Netflix Opening Studio Facilities to Expand Korean Content Supply

Netflix says that it is leasing nine sound stages at two facilities in South Korea in order to increase its output of Korean films and series.

The two production facilities are located at Paju-si and Yeoncheon-gun, just outside of Seoul, in Gyeonggi Province. At YCDSMC – Studio 139, it will lease six stages and supporting spaces of approximately 9,000 square meters. At Samsung Studio, the streamer will also lease three stages of approximately 7,000 square meters.

“Netflix is thrilled to deepen its investment in Korea, as well as Korean films and series,” said Netflix VP of studio operations, Amy Reinhard, in a statement. “With these new studios, Netflix is better positioned than ever to increase our production of great stories from Korea while also providing a wealth of production-related jobs for talented professionals in Korea’s creative community.”

For several years, South Korea has been known within Asia as an entertainment industry powerhouse. In the last couple of years its influence on a global stage has also grown, with K-pop acts such as BTS and films such as Oscar-winner “Parasite” achieving commercial and critical crossover. Its TV content, long recognized regionally for its quality, is now finding success further afield, due in part to the global reach of streaming firms.

Netflix says it has spent some $700 million on Korean content, including more than 80 shows, between 2015-2020. “These two purpose-built facilities are another important example of our continued commitment to investing in Korea’s creative ecosystem,” the company said.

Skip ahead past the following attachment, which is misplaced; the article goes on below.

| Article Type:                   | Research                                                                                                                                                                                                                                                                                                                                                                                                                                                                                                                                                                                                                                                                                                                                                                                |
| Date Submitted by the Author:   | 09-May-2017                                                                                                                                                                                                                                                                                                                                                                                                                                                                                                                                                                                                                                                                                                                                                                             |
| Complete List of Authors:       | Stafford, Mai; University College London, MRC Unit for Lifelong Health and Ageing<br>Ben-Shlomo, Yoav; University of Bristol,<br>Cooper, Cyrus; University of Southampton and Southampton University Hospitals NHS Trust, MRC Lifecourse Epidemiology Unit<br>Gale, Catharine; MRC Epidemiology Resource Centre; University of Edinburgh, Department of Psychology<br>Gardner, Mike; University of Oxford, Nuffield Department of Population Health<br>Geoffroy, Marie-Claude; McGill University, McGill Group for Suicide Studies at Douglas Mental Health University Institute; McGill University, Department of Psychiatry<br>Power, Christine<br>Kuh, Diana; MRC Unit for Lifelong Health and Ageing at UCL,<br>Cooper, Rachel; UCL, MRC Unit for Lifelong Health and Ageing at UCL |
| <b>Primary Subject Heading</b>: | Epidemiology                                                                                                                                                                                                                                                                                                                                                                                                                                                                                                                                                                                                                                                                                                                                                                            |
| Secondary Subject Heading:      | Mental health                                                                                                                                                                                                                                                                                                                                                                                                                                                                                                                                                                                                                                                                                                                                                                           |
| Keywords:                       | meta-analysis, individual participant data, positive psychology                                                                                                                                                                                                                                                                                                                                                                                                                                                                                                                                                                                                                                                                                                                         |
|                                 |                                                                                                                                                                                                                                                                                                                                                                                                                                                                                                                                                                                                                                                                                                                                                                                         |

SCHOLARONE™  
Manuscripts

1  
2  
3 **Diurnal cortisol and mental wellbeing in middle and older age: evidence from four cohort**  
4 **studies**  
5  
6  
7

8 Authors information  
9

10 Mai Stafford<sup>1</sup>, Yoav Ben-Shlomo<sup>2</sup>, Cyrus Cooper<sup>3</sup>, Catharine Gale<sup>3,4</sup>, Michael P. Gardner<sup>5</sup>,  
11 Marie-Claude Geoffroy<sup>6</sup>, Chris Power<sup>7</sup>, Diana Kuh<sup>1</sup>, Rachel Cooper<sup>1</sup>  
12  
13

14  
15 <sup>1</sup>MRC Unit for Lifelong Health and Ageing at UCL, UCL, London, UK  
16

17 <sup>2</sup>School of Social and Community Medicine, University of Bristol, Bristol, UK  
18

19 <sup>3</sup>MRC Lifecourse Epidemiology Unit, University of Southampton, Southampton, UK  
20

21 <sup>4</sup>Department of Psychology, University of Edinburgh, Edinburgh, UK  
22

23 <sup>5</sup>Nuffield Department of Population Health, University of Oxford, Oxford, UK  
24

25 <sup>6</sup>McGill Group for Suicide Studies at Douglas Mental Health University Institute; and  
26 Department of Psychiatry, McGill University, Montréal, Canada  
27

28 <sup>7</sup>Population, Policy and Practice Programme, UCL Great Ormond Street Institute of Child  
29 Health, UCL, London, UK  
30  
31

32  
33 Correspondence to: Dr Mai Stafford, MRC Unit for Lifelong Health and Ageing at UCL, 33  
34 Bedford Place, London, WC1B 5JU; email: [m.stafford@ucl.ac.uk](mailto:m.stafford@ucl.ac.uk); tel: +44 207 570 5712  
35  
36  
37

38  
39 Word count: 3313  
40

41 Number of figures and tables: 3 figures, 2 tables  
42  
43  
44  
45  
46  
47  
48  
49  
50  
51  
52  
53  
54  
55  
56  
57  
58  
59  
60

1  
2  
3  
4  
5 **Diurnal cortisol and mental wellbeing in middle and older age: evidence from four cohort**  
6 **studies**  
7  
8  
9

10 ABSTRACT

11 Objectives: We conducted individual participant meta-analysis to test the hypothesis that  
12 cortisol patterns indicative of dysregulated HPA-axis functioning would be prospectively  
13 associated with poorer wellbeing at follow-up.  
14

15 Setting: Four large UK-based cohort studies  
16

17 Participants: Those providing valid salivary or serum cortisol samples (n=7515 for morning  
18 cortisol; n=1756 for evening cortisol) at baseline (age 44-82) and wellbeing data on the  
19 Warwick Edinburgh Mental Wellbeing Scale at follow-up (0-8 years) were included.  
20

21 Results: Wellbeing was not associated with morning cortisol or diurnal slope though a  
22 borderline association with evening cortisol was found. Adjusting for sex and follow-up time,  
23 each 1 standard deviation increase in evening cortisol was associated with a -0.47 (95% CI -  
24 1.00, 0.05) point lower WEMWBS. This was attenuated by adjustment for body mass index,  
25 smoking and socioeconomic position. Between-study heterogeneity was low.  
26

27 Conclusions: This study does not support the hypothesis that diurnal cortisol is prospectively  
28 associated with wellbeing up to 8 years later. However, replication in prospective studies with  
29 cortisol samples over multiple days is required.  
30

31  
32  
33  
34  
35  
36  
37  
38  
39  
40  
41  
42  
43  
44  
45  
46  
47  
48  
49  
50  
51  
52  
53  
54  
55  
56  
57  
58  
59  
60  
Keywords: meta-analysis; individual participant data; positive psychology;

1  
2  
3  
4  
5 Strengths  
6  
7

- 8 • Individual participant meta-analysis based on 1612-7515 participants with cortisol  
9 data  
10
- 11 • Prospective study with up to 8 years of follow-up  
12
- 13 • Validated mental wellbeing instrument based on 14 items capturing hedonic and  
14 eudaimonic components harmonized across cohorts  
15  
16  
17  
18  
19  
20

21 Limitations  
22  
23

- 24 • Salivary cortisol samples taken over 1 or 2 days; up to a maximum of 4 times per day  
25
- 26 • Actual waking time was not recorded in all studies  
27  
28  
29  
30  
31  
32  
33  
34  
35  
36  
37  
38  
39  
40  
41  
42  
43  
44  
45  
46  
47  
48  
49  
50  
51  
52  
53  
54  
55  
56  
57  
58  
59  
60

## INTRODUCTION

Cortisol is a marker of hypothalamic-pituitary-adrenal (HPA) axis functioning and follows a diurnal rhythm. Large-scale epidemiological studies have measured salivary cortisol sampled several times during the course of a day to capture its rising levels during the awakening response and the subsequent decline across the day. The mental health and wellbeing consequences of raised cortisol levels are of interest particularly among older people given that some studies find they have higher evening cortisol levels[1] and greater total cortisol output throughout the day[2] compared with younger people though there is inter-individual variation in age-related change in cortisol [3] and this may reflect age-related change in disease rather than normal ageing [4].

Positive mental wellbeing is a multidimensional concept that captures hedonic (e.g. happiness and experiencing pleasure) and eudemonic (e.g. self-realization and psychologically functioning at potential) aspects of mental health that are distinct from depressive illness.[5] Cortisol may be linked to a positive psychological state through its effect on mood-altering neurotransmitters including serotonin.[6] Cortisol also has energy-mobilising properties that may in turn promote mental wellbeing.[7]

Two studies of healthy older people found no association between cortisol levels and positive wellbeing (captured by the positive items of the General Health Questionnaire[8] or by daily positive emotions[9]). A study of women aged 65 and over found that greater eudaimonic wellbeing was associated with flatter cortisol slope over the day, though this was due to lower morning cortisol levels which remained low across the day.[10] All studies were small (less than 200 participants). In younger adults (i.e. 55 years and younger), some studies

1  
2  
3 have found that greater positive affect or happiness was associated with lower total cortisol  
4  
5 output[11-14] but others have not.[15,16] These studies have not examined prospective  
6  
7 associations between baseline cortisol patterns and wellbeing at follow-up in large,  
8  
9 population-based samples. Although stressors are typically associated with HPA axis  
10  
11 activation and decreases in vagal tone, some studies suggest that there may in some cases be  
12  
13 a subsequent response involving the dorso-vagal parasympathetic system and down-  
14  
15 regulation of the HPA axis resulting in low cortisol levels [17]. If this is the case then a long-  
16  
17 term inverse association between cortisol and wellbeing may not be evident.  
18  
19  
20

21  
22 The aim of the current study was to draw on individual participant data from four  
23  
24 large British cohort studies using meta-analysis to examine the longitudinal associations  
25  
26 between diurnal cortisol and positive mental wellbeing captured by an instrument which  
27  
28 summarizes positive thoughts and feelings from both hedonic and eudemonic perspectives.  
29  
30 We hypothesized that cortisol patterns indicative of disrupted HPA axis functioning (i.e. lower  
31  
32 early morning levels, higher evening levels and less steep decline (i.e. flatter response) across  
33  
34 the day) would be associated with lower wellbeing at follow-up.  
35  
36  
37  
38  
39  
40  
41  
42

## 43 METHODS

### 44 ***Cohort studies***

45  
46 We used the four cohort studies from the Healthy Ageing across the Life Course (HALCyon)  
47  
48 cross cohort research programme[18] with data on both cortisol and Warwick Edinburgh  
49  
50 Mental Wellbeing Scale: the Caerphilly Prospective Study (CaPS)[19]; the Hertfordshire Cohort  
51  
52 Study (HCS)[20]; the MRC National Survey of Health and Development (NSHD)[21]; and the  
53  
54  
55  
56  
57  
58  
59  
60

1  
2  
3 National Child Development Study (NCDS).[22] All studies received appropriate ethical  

Among the shows set to be made at the facilities is the previously announced Korean adaptation of hit Spanish series “Money Heist” (aka “La Casa de Papel”). Other, new Korean-made stories currently in production or development include “Move To Heaven,” “Kingdom: Ashin of the North,” “Silent Sea,” “Squid Game,” “Hellbound,” “All of Us Are Dead,” and “D.P.”

Netflix also has multi-year content partnerships with CJ ENM/Studio Dragon and JTBC.

  • In a separate development, JTBC Thursday announced that it is joining CJ ENM’s streaming video service TVING. Both companies may produce original content for the platform. Online giant, Naver also committed to investment in the TVING venture. JTBC and CJ ENM said they were committing to more than KRW400 billion ($370 million) of production spend over the next three years.

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